When executed as a Bayesian calculation, this model will take in the data in the table and produce estimates of the prevalence, sensitivity and specificity that are dependent on both the gold standard and survey data. It should be stressed that if this model is used, then the survey data are going to feedback into the estimates of sensitivity and specificity, which will no longer be determined solely by the gold standard data. STAN code to fit this DAG is shown below. Once the program executes, point and uncertainty estimates may directly obtained from Markov Chain Monte Carlo (MCMC) output e.g. by looking at the mean and the standard deviation.

model0.R<-' functions { } data { int casesSurvey; // Cases in survey int NSurvey; // ppl sampled in survey int TPGoldStandard; // true positive in Gold Standard Sample int NPGoldStandard; // Total number of positive cases in Gold Standard Sample int TNGoldStandard; // true negative in Gold Standard Sample int NNGoldStandard; // Total number of negative cases in Gold Standard Sample } transformed data { } parameters { real<lower=0.0,upper=1.0> Sens; real<lower=0.0,upper=1.0> Spec; real<lower=0.0,upper=1.0> Prev; } transformed parameters { } model { casesSurvey~binomial(NSurvey,Prev*Sens+(1-Prev)*(1-Spec)); TPGoldStandard~binomial(NPGoldStandard,Sens); TNGoldStandard~binomial(NNGoldStandard,Spec); Prev~uniform(0.0,1.0); Spec~uniform(0.0,1.0); Spec~uniform(0.0,1.0); } generated quantities { }'

**Compartmentalizing the calculations**

Some people may object to a particular feature of the previous model: the feedback of the serological survey data back to the estimates of the sensitivity and specificity. This is an unavoidable feature of the parameterization employed and the logical consistency of Bayesian calculations on graphs. However, there is a way to reorganize the calculation and avoid the feedback from taking place. The relevant model is shown below:

The three datasets are now analyzed separately, and each dataset only influences the binomial probability of the corresponding model: sensitivity, specificity and survey positivity rate. This analysis can be run either in a Bayesian mode, or in frequentist mode (e.g. by running three logistic regressions, one for each dataset). After the analyses have concluded we sample the distributions for the three rates, and compute the prevalence according to the equation:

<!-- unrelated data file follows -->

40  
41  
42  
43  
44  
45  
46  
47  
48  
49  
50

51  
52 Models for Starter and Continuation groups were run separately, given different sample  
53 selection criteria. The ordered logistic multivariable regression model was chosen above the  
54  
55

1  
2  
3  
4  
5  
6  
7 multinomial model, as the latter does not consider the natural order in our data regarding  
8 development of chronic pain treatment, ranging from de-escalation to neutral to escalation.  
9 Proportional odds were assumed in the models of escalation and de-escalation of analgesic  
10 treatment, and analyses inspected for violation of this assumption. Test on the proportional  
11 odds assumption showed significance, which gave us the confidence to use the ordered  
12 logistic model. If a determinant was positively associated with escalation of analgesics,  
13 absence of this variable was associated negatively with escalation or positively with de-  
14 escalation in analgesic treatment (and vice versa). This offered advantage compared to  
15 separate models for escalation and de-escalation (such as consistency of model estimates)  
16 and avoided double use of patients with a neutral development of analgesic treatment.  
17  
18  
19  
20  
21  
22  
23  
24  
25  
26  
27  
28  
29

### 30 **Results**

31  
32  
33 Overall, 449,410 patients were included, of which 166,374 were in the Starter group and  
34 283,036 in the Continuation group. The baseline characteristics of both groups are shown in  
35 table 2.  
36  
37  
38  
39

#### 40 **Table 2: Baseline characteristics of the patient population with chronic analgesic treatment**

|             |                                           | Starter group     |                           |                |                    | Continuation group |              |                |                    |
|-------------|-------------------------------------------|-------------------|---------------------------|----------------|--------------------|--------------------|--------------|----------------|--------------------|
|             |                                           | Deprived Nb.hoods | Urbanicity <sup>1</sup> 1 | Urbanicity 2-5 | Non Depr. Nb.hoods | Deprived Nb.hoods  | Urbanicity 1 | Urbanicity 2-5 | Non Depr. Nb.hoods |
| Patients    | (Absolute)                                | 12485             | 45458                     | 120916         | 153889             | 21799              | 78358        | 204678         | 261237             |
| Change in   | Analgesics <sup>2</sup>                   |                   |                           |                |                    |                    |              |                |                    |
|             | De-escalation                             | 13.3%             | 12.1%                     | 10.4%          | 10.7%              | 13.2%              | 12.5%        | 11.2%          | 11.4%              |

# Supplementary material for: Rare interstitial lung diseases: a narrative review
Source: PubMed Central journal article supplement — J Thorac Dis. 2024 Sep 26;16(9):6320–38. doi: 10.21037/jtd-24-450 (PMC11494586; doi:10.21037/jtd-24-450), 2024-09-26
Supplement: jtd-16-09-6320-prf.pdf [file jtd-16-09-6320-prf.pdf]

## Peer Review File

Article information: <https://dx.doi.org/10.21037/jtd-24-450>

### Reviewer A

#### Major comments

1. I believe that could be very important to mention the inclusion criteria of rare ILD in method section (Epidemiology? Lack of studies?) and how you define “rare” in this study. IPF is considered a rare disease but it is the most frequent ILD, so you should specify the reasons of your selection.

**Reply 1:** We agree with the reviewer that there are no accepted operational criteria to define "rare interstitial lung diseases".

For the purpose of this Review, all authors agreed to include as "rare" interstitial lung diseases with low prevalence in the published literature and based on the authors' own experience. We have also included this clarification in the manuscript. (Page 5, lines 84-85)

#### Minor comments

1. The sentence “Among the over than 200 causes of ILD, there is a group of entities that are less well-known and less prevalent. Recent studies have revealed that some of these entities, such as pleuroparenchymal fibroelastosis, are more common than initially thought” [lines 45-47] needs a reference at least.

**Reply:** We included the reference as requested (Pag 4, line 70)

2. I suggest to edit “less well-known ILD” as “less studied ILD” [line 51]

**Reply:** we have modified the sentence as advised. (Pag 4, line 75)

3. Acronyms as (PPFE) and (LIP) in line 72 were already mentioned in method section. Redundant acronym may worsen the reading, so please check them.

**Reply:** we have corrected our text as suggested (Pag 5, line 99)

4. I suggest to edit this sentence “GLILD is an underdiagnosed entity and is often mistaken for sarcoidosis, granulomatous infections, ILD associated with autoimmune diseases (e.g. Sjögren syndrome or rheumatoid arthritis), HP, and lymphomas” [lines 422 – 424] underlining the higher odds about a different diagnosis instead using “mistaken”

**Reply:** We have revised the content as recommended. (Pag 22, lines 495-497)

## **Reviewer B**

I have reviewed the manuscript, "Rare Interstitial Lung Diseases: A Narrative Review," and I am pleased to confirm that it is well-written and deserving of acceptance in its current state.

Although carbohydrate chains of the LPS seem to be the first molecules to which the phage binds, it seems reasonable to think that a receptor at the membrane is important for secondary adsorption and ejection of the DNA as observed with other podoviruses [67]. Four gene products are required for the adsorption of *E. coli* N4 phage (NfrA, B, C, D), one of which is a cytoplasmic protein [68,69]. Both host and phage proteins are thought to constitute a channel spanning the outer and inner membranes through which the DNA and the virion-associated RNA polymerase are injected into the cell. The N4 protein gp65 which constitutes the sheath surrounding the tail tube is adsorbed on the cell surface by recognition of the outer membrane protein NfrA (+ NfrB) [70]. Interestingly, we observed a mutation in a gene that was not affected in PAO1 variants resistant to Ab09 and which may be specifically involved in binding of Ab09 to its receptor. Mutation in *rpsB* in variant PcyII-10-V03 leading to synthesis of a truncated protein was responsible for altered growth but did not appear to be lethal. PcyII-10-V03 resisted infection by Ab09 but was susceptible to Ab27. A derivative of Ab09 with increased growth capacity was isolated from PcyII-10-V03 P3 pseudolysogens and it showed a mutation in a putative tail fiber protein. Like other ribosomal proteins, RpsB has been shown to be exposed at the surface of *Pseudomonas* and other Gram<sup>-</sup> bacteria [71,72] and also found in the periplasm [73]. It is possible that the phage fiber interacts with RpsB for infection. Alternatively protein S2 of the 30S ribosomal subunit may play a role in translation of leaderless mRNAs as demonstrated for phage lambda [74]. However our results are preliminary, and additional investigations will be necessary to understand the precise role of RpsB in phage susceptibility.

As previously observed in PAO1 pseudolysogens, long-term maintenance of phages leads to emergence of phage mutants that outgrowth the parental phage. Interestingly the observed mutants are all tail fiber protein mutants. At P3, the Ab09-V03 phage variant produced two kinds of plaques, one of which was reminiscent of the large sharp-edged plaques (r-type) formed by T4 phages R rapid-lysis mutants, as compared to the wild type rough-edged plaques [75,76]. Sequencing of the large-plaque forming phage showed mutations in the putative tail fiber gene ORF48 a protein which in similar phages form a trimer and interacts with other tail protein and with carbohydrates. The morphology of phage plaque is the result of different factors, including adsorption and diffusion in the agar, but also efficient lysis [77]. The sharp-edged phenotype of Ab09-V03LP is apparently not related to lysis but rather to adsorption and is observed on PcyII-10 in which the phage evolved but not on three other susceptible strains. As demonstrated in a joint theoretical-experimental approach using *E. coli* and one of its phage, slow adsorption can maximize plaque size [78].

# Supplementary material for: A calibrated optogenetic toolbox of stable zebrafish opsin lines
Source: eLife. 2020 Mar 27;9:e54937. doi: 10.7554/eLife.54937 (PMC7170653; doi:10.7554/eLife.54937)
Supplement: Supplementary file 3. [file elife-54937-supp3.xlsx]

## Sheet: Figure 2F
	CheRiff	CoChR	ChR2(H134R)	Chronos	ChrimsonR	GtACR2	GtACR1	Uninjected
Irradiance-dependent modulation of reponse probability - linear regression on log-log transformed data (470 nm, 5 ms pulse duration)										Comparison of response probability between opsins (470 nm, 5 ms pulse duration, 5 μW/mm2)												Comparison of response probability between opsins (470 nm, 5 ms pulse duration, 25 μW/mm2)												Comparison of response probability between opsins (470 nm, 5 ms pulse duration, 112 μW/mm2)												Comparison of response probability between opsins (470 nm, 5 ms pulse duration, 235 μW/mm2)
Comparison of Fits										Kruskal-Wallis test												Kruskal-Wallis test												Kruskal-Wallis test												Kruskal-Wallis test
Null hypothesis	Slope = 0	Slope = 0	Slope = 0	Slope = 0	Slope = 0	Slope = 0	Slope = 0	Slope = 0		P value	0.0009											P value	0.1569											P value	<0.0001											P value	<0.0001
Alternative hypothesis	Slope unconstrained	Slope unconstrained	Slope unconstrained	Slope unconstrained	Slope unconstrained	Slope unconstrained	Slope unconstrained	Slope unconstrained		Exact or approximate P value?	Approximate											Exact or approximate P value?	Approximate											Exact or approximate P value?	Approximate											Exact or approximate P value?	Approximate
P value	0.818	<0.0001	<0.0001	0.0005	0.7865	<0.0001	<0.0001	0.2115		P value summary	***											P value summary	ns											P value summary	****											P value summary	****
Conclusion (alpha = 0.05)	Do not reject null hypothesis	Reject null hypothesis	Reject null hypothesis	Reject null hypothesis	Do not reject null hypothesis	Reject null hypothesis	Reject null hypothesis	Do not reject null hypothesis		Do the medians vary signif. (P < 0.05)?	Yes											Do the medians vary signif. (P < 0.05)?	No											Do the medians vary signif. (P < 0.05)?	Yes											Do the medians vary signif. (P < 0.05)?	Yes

This is a simple Monte Carlo calculation, which can be applied to either a Bayesian posterior probability or a sampling distribution (e.g. by sampling from the normal distribution with mean equal to the parameter estimate and standard deviation equal to the standard error of the model fit). Once we have simulated many values for , we discard those that are negative or greater than one, and form means and standard deviations to generate point summaries and uncertainty estimates. The following code, shows how this model can be implemented in STAN. The *generated quantities *section samples the values of , and the values that are not compatible with the range constraints are discarded in R.

## uses simulation model1.R<-' functions { } data { int casesSurvey; // Cases in survey int NSurvey; // ppl sampled in survey int TPGoldStandard; // true positive in Gold Standard Sample int NPGoldStandard; // Total number of positive cases in Gold Standard Sample int TNGoldStandard; // true negative in Gold Standard Sample int NNGoldStandard; // Total number of negative cases in Gold Standard Sample } transformed data { } parameters { real<lower=0.0,upper=1.0> Sens; real<lower=0.0,upper=1.0> Spec; real<lower=0.0,upper=1.0> totposrate; } transformed parameters { } model { casesSurvey~binomial(NSurvey,totposrate); TPGoldStandard~binomial(NPGoldStandard,Sens); TNGoldStandard~binomial(NNGoldStandard,Spec); totposrate~uniform(0.0,1.0); Spec~uniform(0.0,1.0); Spec~uniform(0.0,1.0); } generated quantities { real Prev; Prev = (totposrate+Spec-1)/(Sens+Spec-1); }'

**Comparison between the two approaches**

How different are these two approaches? I used R and STAN to rerun the analysis of the Santa Clara survey (for simplicity, the gold standard datasets from the Stanford and manufacturer were combined together). The code is available as a word document below.

Parameter | Full Bayesian Approach | Compartmentalized Approach |

Prevalence | 0.010 (0.005) | 0.011 (0.005) |

Sensitivity | 0.838 (0.033) | 0.838 (0.033) |

Specificity | 0.993 (0.003) | 0.993 (0.004) |

The point and uncertainty estimates of all quantities are virtually indistinguishable, showing that in this particular case, feedback from the survey data does not affect the estimates of sensitivity and specificity.

Take home point: leave the delta method behind, or at least use higher order asymptotics when computing variances of ratio variables. Or if you are lazy like me, just fire your Monte Carlo samplers.